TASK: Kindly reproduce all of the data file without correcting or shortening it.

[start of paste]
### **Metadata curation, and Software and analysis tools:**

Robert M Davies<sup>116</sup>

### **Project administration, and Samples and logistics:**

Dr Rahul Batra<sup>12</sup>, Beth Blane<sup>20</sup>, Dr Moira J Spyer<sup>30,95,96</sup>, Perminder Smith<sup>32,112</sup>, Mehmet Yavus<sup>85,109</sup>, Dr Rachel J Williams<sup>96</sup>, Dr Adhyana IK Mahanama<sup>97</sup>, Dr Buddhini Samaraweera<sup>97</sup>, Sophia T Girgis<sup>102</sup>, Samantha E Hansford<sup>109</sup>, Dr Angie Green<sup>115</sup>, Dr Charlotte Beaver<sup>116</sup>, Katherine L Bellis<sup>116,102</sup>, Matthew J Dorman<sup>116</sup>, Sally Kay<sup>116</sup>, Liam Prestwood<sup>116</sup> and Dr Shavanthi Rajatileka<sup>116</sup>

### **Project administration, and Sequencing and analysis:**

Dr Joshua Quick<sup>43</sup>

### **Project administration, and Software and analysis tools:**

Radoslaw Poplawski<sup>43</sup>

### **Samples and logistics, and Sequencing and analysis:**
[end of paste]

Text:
### **Metadata curation, and Software and analysis tools:**

Robert M Davies<sup>116</sup>

### **Project administration, and Samples and logistics:**

Dr Rahul Batra<sup>12</sup>, Beth Blane<sup>20</sup>, Dr Moira J Spyer<sup>30,95,96</sup>, Perminder Smith<sup>32,112</sup>, Mehmet Yavus<sup>85,109</sup>, Dr Rachel J Williams<sup>96</sup>, Dr Adhyana IK Mahanama<sup>97</sup>, Dr Buddhini Samaraweera<sup>97</sup>, Sophia T Girgis<sup>102</sup>, Samantha E Hansford<sup>109</sup>, Dr Angie Green<sup>115</sup>, Dr Charlotte Beaver<sup>116</sup>, Katherine L Bellis<sup>116,102</sup>, Matthew J Dorman<sup>116</sup>, Sally Kay<sup>116</sup>, Liam Prestwood<sup>116</sup> and Dr Shavanthi Rajatileka<sup>116</sup>

### **Project administration, and Sequencing and analysis:**

Dr Joshua Quick<sup>43</sup>

### **Project administration, and Software and analysis tools:**

Radoslaw Poplawski<sup>43</sup>

### **Samples and logistics, and Sequencing and analysis:**